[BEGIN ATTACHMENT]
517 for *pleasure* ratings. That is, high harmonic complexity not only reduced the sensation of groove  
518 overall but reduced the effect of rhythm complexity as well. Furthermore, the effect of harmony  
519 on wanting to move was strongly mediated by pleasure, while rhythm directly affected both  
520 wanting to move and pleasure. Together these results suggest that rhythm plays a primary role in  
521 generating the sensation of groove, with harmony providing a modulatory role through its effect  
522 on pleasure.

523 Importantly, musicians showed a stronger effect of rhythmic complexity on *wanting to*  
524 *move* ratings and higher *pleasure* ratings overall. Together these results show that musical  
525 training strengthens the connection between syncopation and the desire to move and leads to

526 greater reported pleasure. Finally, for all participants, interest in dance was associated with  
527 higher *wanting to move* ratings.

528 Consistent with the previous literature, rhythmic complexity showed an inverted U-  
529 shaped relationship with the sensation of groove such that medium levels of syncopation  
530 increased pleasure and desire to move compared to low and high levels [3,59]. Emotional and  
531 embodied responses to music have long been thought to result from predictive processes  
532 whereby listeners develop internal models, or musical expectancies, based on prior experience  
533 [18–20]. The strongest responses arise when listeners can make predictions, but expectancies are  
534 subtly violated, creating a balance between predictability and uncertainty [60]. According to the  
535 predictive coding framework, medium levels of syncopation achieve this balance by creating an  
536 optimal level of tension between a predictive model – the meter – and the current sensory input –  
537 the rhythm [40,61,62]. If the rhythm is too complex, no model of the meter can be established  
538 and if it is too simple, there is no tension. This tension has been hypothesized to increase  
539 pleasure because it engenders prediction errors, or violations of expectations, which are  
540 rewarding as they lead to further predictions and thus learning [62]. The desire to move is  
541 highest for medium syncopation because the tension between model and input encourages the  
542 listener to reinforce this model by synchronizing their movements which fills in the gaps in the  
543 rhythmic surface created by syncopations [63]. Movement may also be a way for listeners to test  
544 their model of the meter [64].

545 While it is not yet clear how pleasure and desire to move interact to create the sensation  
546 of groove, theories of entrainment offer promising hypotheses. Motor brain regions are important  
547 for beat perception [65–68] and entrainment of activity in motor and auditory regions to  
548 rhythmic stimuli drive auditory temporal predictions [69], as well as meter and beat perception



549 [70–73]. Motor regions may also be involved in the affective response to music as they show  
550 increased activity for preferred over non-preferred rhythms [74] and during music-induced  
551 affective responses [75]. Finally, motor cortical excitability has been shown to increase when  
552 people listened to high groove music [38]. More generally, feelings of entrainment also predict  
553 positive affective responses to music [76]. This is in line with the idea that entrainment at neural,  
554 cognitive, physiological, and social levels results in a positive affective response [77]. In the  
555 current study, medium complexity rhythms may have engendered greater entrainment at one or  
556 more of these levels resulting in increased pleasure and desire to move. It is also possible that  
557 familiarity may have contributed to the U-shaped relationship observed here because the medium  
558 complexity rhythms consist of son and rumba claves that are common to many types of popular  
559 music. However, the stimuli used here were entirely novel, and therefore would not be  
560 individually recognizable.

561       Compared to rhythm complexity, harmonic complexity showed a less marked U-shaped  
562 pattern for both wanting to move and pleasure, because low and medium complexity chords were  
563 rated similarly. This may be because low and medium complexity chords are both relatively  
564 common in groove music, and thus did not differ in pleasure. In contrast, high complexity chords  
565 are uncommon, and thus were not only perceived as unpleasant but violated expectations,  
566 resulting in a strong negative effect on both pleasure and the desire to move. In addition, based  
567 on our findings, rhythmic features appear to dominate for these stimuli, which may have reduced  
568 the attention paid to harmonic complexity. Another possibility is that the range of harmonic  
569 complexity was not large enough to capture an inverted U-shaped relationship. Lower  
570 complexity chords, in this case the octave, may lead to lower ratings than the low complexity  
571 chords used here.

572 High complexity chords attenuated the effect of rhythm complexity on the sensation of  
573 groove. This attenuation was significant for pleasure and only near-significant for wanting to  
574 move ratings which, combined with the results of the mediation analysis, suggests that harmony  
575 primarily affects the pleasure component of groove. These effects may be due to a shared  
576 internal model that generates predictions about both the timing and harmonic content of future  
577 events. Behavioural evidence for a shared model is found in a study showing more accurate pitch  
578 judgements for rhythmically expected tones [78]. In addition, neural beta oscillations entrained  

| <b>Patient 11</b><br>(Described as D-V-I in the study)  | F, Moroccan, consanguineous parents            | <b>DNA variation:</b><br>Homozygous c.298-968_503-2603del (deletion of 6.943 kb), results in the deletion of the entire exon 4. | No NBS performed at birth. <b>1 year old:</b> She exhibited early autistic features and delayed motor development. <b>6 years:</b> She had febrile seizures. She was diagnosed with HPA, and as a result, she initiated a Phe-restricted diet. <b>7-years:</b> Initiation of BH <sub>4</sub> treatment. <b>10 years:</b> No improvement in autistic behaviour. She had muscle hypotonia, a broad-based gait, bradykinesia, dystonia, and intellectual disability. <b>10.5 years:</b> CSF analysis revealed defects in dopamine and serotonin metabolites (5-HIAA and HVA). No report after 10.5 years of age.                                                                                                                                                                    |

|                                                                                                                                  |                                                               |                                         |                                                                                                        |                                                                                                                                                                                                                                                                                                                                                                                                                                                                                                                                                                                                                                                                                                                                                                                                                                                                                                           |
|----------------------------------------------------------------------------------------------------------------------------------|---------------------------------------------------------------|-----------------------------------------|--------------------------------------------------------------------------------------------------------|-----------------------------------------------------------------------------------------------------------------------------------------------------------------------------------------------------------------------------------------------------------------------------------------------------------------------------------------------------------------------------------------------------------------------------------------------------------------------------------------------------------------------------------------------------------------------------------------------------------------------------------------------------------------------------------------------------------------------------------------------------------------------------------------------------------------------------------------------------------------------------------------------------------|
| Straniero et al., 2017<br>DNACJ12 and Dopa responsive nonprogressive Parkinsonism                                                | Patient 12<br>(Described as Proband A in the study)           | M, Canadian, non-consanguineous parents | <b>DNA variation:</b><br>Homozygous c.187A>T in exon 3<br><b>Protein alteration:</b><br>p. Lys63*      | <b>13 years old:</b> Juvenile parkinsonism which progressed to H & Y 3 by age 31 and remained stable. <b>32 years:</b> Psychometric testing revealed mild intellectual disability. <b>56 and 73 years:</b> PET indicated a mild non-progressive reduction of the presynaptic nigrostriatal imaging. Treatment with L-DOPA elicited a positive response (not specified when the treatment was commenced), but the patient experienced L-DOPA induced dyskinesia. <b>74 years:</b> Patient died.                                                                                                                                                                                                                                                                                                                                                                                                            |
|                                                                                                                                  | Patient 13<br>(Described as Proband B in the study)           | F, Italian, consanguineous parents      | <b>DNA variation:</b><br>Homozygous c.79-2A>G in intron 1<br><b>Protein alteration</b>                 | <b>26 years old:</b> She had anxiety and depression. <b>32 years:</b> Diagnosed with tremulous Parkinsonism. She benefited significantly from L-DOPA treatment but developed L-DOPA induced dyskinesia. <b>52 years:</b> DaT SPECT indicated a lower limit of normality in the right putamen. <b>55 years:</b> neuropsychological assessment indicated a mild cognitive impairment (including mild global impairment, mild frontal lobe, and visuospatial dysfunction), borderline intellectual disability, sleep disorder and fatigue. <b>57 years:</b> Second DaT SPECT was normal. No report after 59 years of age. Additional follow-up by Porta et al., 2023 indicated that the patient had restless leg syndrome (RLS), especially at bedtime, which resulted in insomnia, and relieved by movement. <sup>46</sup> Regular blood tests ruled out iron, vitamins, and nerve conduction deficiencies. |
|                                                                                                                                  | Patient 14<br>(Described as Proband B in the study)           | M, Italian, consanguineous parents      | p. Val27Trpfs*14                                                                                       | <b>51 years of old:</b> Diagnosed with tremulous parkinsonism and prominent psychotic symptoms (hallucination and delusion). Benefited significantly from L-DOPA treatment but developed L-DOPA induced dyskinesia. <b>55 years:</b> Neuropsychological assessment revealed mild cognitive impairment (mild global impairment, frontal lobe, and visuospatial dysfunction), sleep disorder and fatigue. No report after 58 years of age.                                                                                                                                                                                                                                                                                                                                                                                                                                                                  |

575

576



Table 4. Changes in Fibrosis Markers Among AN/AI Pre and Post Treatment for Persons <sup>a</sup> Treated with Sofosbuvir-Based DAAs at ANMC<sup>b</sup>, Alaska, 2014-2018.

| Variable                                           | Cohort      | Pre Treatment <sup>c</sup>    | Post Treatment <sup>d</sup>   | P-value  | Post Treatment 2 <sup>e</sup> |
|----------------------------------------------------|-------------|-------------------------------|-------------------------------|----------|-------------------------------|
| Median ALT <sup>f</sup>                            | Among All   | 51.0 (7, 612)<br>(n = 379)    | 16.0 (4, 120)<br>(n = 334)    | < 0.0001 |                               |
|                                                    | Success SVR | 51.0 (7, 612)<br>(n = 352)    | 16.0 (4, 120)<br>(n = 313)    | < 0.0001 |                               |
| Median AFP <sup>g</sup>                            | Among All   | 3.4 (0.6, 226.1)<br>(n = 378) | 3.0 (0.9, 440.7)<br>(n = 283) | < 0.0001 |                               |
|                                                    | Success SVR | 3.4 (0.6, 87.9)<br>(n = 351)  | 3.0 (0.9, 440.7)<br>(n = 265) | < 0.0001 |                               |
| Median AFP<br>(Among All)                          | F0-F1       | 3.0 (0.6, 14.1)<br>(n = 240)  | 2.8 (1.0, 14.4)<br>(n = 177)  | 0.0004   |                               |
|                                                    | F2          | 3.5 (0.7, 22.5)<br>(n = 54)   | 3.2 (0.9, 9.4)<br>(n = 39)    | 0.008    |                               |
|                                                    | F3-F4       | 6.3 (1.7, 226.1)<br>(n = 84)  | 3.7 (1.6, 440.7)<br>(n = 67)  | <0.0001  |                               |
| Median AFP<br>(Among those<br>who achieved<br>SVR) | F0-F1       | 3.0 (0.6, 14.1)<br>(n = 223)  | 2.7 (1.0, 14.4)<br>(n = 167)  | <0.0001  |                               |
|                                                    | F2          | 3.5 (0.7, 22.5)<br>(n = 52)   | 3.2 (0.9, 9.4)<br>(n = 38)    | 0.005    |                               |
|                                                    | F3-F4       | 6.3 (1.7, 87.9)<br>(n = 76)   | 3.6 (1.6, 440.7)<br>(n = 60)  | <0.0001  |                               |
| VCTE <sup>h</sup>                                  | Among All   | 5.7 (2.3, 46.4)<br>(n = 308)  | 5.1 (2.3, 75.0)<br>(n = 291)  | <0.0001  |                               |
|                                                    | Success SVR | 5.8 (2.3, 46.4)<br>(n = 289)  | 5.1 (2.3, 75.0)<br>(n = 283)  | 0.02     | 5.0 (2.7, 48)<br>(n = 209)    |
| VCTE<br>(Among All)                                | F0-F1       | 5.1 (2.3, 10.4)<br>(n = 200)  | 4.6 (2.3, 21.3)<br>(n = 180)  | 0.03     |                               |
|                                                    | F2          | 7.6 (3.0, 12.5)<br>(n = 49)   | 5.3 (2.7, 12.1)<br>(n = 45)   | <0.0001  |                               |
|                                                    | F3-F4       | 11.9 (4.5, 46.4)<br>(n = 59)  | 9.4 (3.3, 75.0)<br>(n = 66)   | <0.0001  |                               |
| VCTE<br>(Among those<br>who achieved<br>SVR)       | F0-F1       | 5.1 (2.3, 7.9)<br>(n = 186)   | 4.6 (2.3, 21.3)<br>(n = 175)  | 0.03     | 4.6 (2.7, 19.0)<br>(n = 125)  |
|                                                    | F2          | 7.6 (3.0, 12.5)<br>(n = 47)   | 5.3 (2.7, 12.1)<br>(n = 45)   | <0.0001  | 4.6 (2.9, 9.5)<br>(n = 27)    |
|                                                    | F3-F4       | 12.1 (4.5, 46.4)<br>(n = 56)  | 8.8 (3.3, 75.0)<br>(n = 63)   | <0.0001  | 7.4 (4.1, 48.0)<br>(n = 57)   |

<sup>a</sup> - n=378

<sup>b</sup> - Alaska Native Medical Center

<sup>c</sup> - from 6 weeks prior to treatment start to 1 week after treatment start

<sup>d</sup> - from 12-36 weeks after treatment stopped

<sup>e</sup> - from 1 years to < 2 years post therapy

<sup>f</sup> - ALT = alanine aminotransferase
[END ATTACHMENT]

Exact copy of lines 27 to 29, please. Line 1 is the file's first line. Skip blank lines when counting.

543 rhythmic surface created by syncopations [63]. Movement may also be a way for listeners to test  
544 their model of the meter [64].

545 While it is not yet clear how pleasure and desire to move interact to create the sensation  